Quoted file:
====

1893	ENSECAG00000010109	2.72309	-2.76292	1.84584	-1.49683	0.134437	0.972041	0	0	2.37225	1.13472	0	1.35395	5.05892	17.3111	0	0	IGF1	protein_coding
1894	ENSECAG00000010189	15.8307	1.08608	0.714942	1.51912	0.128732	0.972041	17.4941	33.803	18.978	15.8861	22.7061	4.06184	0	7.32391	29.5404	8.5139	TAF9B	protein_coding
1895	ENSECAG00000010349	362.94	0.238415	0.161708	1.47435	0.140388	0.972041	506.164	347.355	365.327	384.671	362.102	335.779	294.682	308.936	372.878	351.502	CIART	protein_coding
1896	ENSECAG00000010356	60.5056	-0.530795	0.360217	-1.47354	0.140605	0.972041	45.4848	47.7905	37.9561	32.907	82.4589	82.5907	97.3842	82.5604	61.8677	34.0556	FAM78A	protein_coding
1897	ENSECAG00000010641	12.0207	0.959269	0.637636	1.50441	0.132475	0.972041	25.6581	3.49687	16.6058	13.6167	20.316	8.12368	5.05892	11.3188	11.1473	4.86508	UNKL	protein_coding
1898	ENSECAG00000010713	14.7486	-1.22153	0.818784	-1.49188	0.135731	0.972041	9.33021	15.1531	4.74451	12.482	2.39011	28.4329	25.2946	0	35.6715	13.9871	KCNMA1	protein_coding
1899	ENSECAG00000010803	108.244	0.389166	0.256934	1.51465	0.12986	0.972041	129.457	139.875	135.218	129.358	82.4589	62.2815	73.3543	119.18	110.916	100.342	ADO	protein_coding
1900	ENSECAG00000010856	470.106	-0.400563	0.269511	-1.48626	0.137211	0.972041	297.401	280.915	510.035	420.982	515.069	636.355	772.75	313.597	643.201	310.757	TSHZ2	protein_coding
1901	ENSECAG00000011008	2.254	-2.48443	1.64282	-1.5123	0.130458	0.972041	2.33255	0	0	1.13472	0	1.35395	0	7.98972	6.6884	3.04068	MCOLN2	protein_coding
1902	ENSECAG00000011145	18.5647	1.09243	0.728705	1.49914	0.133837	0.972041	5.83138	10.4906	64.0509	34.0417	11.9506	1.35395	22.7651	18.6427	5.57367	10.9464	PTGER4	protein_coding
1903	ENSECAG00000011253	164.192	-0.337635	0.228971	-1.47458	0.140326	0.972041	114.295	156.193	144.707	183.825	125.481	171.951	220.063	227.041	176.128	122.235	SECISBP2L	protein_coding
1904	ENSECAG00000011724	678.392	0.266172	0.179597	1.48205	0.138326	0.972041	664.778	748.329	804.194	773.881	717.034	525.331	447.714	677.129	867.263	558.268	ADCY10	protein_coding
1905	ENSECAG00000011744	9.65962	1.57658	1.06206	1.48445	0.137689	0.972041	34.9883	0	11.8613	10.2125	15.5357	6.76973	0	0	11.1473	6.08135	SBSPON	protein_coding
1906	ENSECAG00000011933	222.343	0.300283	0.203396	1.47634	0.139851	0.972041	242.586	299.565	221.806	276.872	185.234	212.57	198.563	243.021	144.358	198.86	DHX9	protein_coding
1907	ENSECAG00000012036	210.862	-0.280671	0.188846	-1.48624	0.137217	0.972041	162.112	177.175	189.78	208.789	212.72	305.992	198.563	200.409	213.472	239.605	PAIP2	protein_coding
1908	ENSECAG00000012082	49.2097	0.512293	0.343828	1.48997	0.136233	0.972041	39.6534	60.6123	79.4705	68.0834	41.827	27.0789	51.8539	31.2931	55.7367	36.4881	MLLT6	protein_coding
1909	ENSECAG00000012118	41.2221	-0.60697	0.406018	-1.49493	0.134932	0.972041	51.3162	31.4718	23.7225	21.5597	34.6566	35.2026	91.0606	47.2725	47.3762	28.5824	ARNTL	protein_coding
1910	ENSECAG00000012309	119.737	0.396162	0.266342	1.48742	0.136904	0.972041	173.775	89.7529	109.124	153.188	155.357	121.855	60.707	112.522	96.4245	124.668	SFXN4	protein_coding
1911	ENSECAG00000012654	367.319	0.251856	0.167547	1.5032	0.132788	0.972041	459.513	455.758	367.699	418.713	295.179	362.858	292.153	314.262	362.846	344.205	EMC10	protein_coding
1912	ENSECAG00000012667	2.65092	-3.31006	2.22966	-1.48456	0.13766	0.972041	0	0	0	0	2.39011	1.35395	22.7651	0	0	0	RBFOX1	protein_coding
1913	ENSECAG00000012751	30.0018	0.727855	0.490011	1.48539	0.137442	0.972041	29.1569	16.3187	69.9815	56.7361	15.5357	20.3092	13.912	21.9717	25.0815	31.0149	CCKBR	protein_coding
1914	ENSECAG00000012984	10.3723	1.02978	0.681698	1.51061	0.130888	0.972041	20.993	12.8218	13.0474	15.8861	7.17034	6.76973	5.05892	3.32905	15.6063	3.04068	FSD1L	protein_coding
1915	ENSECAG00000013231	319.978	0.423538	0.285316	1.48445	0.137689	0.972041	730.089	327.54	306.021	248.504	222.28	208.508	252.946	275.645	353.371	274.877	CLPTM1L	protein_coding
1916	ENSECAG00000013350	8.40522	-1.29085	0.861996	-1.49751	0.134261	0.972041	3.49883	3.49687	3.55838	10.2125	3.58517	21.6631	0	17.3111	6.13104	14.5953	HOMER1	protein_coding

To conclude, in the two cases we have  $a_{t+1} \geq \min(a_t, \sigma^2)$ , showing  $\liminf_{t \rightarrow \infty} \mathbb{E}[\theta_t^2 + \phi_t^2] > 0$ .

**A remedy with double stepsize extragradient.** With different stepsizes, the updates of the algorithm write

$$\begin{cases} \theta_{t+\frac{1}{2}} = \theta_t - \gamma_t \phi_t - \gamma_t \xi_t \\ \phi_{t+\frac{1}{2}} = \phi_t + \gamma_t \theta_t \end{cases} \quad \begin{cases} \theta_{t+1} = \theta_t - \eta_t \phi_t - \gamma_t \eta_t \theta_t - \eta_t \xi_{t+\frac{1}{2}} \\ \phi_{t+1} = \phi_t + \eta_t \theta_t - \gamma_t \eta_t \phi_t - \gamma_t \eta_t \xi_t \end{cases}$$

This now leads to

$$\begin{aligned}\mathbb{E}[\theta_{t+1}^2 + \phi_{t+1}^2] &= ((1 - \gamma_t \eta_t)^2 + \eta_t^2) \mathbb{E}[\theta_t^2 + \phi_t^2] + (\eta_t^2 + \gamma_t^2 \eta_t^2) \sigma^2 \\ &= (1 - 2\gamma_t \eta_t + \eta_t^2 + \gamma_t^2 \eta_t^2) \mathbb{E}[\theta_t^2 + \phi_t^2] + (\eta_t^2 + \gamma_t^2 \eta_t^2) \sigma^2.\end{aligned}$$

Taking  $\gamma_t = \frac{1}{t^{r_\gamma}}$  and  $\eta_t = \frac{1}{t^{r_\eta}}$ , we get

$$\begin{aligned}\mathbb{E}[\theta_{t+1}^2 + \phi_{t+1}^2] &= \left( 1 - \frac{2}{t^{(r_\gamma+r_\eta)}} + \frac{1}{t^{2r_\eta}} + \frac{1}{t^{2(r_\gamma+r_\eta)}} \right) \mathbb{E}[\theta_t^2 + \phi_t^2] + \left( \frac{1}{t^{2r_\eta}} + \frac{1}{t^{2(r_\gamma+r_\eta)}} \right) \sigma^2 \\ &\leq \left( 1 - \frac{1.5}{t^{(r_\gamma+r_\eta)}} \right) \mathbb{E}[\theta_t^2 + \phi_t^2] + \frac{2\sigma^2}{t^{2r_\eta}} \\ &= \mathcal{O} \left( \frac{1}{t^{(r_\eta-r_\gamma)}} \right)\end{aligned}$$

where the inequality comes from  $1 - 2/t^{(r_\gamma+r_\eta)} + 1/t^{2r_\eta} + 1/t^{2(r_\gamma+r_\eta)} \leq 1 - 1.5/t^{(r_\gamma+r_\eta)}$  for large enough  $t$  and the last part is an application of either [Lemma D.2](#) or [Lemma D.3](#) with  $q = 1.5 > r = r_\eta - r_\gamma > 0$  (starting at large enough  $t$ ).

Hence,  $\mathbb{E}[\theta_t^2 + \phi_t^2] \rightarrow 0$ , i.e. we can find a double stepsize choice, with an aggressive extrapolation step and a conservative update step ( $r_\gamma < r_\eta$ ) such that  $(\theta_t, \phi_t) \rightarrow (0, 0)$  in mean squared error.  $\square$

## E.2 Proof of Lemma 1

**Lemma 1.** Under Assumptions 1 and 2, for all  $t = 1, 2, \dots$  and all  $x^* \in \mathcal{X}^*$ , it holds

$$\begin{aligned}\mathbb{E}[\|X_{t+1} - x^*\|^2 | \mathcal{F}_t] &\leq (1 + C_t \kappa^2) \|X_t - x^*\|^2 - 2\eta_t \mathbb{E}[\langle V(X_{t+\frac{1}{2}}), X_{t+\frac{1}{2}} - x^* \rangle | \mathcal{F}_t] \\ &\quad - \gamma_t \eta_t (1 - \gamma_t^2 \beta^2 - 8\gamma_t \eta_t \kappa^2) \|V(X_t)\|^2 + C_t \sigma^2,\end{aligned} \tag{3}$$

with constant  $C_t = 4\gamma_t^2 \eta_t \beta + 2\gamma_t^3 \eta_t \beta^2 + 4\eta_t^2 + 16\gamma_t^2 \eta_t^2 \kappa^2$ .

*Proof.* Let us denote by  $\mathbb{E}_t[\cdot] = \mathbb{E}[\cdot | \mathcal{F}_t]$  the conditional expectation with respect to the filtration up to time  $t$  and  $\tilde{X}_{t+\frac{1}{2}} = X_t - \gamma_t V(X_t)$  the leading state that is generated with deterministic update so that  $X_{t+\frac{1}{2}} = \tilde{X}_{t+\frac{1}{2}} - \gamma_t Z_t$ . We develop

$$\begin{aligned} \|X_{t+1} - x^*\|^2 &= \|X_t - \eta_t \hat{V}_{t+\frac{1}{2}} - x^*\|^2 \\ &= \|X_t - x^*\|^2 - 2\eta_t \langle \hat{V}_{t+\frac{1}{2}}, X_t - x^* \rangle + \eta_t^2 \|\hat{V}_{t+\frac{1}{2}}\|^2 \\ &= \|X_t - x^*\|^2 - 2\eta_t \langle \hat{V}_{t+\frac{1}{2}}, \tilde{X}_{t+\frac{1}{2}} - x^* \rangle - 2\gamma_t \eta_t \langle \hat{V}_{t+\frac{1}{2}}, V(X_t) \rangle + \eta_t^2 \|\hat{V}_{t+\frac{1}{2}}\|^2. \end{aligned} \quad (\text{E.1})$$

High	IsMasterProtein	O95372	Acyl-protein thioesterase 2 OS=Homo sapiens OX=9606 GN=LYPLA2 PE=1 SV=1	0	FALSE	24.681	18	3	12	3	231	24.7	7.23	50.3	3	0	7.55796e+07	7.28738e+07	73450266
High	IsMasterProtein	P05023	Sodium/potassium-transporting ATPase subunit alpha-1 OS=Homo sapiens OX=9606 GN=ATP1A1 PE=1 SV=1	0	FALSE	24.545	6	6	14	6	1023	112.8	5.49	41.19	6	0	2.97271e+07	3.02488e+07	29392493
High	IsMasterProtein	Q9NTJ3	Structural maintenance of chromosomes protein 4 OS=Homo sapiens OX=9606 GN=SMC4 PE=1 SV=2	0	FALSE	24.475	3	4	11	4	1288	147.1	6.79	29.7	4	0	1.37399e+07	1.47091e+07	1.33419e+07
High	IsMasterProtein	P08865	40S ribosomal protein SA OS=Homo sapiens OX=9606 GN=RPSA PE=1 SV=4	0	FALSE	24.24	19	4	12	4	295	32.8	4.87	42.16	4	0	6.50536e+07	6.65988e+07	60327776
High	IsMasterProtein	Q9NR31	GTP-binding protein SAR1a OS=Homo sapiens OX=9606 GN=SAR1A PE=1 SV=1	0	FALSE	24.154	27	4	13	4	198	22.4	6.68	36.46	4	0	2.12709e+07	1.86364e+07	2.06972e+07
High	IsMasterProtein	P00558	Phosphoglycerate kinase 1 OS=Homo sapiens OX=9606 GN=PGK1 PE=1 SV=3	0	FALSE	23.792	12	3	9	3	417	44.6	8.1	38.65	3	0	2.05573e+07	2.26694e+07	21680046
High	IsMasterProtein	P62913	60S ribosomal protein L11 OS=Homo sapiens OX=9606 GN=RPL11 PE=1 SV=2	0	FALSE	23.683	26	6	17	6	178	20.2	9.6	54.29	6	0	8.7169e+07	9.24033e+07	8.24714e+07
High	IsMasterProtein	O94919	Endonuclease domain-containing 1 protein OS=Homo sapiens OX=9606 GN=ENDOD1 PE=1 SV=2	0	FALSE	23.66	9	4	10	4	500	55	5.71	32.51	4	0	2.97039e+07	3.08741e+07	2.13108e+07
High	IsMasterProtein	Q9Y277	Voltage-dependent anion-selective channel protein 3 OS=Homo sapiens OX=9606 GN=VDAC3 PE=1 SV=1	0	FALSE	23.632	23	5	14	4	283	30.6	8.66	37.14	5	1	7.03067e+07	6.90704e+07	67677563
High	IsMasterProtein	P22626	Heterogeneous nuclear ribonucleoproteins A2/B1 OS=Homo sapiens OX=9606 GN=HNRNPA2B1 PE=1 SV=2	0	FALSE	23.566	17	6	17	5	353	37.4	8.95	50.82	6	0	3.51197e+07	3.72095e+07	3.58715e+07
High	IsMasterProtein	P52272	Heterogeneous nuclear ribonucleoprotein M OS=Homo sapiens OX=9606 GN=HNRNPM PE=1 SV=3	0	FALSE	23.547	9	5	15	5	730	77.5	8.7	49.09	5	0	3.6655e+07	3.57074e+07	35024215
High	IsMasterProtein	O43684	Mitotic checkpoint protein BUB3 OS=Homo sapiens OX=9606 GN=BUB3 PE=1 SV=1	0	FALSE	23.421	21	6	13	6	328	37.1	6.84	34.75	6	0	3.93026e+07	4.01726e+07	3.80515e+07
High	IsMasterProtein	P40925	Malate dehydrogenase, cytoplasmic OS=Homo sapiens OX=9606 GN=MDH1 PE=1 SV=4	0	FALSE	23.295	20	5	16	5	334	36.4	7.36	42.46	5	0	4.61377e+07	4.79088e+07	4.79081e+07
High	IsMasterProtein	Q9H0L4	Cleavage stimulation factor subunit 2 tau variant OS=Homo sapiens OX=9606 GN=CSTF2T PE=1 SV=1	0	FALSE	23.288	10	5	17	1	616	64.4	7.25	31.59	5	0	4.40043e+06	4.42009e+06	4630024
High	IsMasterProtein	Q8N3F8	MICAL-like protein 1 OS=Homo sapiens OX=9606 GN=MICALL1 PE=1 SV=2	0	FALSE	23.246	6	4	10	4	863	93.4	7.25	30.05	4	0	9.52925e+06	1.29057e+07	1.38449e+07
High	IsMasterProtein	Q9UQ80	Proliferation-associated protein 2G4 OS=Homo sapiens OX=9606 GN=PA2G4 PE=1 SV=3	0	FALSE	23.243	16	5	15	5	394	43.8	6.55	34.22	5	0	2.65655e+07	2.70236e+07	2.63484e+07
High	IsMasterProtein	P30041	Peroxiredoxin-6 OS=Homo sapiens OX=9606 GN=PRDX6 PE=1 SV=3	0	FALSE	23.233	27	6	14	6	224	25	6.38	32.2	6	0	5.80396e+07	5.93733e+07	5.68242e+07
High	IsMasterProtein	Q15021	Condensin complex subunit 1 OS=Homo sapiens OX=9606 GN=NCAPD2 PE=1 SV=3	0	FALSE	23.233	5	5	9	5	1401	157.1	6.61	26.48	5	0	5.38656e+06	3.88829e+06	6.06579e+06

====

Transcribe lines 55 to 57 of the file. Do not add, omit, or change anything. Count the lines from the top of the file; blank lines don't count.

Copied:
High	IsMasterProtein	Q9UQ80	Proliferation-associated protein 2G4 OS=Homo sapiens OX=9606 GN=PA2G4 PE=1 SV=3	0	FALSE	23.243	16	5	15	5	394	43.8	6.55	34.22	5	0	2.65655e+07	2.70236e+07	2.63484e+07
High	IsMasterProtein	P30041	Peroxiredoxin-6 OS=Homo sapiens OX=9606 GN=PRDX6 PE=1 SV=3	0	FALSE	23.233	27	6	14	6	224	25	6.38	32.2	6	0	5.80396e+07	5.93733e+07	5.68242e+07
High	IsMasterProtein	Q15021	Condensin complex subunit 1 OS=Homo sapiens OX=9606 GN=NCAPD2 PE=1 SV=3	0	FALSE	23.233	5	5	9	5	1401	157.1	6.61	26.48	5	0	5.38656e+06	3.88829e+06	6.06579e+06